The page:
Windsor Lake to reopen Saturday
Windsor Lake will reopen Saturday to the public following a two-week closure because of the suspected presence of harmful bacteria in the water.
The Colorado Department of Public Health and Environment cleared the town of Windsor to reopen the lake, the town announced in an email early Friday afternoon.
“CDPHE standards require two consecutive test results to return with safe operating levels before reopening to the public,” said Kendra Martin, the town parks, recreation and culture operations and facilities manager. “While we take extra precautionary steps, it is important to remember that Windsor Lake also serves as an irrigation lake, and with every outdoor body of water comes uncontrolled natural hazards. Therefore, we encourage people to swim at their own risk.”
Algae precautionary signs will remain posted over the next several days, and staff will continue to monitor water conditions and test as needed, the news release added.
The town’s parks, recreation and culture department will resume normal operating hours for concessions and boat rentals on Saturday morning. Rentals are available from 11 am to 5 pm Monday through Wednesday, and from 11 am to 6 pm Thursday through Sunday.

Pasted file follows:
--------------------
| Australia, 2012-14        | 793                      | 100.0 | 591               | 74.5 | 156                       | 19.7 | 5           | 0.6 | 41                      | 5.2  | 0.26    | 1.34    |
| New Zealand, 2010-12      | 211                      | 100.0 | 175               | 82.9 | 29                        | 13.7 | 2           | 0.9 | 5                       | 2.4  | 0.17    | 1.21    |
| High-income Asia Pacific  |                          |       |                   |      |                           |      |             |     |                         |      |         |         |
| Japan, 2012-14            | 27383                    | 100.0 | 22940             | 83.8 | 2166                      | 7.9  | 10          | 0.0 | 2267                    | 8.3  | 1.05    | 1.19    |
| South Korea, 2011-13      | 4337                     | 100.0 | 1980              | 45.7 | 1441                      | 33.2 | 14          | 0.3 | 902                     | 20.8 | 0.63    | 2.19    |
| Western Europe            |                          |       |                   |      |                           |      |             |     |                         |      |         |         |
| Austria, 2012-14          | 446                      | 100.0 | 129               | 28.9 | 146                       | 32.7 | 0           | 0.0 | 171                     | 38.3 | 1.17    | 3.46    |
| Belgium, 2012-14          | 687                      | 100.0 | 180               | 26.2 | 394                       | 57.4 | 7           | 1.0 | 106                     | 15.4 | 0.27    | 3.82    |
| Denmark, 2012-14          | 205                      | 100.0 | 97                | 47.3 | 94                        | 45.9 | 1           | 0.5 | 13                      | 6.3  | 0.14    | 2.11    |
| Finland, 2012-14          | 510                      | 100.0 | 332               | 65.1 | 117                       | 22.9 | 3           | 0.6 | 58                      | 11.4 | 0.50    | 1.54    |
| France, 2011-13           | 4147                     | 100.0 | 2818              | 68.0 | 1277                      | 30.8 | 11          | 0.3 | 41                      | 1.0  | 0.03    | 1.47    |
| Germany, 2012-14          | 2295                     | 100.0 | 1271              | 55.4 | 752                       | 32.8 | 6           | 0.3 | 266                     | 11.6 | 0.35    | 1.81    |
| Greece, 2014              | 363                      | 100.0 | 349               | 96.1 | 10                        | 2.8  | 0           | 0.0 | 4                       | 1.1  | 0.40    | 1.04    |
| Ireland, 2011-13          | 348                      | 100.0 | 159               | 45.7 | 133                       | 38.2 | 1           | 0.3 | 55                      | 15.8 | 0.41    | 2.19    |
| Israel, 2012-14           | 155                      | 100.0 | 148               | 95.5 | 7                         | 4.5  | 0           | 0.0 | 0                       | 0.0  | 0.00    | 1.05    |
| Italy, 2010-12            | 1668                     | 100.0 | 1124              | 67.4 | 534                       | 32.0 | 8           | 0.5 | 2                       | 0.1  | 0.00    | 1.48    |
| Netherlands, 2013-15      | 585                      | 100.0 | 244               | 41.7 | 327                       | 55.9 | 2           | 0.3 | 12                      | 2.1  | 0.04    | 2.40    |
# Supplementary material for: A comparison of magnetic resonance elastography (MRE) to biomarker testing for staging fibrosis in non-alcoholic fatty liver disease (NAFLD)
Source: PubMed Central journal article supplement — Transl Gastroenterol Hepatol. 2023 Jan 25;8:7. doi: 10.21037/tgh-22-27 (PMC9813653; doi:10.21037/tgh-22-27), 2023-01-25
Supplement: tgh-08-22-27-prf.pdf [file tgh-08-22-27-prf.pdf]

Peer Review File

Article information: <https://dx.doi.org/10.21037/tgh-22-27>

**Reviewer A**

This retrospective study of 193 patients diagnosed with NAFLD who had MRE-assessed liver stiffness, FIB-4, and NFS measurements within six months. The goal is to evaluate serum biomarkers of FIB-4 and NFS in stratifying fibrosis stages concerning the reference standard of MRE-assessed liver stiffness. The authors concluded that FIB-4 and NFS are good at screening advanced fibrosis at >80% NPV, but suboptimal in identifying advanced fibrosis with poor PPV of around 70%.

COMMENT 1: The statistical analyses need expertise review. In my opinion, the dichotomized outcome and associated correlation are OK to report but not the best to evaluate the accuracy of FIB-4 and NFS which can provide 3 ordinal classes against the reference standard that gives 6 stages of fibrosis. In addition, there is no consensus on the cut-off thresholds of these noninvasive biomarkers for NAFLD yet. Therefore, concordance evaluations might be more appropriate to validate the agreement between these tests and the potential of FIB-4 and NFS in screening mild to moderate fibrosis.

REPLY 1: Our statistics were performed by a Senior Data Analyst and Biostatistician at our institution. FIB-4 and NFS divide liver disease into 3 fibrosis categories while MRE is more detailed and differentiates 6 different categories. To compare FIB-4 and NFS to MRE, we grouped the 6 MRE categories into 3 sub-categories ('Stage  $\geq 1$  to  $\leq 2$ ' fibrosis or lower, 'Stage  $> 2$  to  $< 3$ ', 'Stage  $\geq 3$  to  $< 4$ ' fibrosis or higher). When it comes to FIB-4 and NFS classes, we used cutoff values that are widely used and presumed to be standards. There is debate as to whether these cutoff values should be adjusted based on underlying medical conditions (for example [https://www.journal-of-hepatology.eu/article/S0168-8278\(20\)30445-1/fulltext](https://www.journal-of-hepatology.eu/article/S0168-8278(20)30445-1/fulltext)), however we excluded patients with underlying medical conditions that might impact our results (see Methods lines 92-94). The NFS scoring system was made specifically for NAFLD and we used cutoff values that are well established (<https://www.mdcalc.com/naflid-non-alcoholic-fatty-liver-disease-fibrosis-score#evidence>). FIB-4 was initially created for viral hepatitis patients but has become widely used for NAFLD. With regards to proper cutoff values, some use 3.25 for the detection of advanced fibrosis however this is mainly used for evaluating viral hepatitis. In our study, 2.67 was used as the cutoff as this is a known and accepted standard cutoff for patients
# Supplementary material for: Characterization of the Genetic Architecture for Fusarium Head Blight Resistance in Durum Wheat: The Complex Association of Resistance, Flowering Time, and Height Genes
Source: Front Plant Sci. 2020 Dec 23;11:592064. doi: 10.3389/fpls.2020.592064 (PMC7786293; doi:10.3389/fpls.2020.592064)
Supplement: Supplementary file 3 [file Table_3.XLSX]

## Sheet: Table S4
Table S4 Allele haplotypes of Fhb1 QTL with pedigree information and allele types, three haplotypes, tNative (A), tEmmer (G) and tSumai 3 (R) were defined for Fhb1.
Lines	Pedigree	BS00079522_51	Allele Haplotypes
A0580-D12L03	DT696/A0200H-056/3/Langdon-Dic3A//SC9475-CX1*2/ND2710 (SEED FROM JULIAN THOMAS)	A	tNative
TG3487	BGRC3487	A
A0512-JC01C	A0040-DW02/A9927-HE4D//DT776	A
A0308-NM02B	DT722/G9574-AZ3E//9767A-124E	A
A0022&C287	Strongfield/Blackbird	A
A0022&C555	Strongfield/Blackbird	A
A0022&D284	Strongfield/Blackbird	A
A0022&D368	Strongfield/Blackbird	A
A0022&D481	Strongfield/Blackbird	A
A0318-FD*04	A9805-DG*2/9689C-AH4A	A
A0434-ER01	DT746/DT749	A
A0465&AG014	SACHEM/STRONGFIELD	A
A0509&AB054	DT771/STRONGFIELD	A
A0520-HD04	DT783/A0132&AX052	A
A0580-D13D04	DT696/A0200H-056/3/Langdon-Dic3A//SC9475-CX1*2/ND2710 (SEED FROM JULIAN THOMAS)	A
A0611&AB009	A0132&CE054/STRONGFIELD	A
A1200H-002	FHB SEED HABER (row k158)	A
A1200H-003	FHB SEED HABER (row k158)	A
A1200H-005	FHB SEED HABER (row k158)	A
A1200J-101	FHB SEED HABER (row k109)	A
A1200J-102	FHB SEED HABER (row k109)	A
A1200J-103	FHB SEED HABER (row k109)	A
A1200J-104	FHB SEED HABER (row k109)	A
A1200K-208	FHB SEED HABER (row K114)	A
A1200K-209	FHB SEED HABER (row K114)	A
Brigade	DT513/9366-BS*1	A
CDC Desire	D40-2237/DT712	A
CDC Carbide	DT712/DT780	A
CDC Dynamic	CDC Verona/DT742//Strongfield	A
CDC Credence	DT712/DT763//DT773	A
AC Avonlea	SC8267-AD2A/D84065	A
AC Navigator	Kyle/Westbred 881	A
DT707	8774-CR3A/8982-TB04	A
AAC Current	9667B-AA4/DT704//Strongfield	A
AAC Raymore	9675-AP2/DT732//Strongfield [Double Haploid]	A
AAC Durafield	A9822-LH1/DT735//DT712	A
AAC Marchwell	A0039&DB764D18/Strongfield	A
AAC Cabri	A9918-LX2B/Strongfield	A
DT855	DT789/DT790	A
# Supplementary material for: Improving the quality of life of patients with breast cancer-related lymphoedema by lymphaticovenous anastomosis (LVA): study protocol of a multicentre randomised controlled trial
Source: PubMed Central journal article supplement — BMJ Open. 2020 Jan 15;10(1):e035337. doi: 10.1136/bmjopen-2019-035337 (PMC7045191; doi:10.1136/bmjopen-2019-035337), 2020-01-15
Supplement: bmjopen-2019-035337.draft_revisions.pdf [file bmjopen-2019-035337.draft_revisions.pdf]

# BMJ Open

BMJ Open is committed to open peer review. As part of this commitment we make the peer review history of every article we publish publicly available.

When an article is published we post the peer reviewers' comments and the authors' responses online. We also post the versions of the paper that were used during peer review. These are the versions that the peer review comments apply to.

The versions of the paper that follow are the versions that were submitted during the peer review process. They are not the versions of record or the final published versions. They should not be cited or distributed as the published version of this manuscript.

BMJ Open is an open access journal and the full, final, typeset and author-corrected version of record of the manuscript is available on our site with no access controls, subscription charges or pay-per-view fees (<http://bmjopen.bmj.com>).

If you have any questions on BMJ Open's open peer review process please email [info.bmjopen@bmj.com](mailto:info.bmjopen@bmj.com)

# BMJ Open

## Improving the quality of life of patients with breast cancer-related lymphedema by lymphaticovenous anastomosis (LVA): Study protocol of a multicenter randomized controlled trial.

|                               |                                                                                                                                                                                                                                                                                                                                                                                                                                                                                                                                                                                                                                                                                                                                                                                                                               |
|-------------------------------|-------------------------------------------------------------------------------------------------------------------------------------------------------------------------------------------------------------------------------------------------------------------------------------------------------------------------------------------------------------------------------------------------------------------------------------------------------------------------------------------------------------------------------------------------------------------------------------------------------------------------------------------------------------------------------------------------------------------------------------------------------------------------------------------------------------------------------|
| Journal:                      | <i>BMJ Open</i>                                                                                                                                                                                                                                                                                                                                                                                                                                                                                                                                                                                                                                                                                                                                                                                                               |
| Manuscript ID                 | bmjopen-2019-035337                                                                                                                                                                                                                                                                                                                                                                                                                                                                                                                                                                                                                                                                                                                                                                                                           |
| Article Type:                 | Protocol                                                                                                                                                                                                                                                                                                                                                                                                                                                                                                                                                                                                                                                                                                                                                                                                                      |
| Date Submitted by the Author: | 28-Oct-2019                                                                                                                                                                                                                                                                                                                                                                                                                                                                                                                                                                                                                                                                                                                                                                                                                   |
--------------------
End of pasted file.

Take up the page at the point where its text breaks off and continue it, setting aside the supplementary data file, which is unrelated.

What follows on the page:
The lake was closed to the public on July 15, two days after the town issued a precautionary advisory on the presence of cyanobacteria. Samples of lake water were submitted to the state for further evaluation.
The lake was closed for 17 days in July 2021 because of the presence of the same bacteria in the water.
Blue-Green Algae, which are not really algae, are a type of bacteria, are common in lakes throughout Colorado. The algae multiply rapidly—and are impacted by a combination of unusually sustained hot weather, stagnant water and stormwater runoff that includes nutrient pollution from fertilizers—to form blooms and scums, also according to the release from the town.
Polluted stormwater runoff can have adverse effects on plants, fish, animals and people. Too much nitrogen, potassium, and phosphorus in the water is known as nutrient pollution and can cause algae to grow faster than ecosystems can handle. Significant increases in algae harm water quality, food resources, and decrease the oxygen aquatic life. Add sustained hot temperatures and conditions for this type of algae to thrive.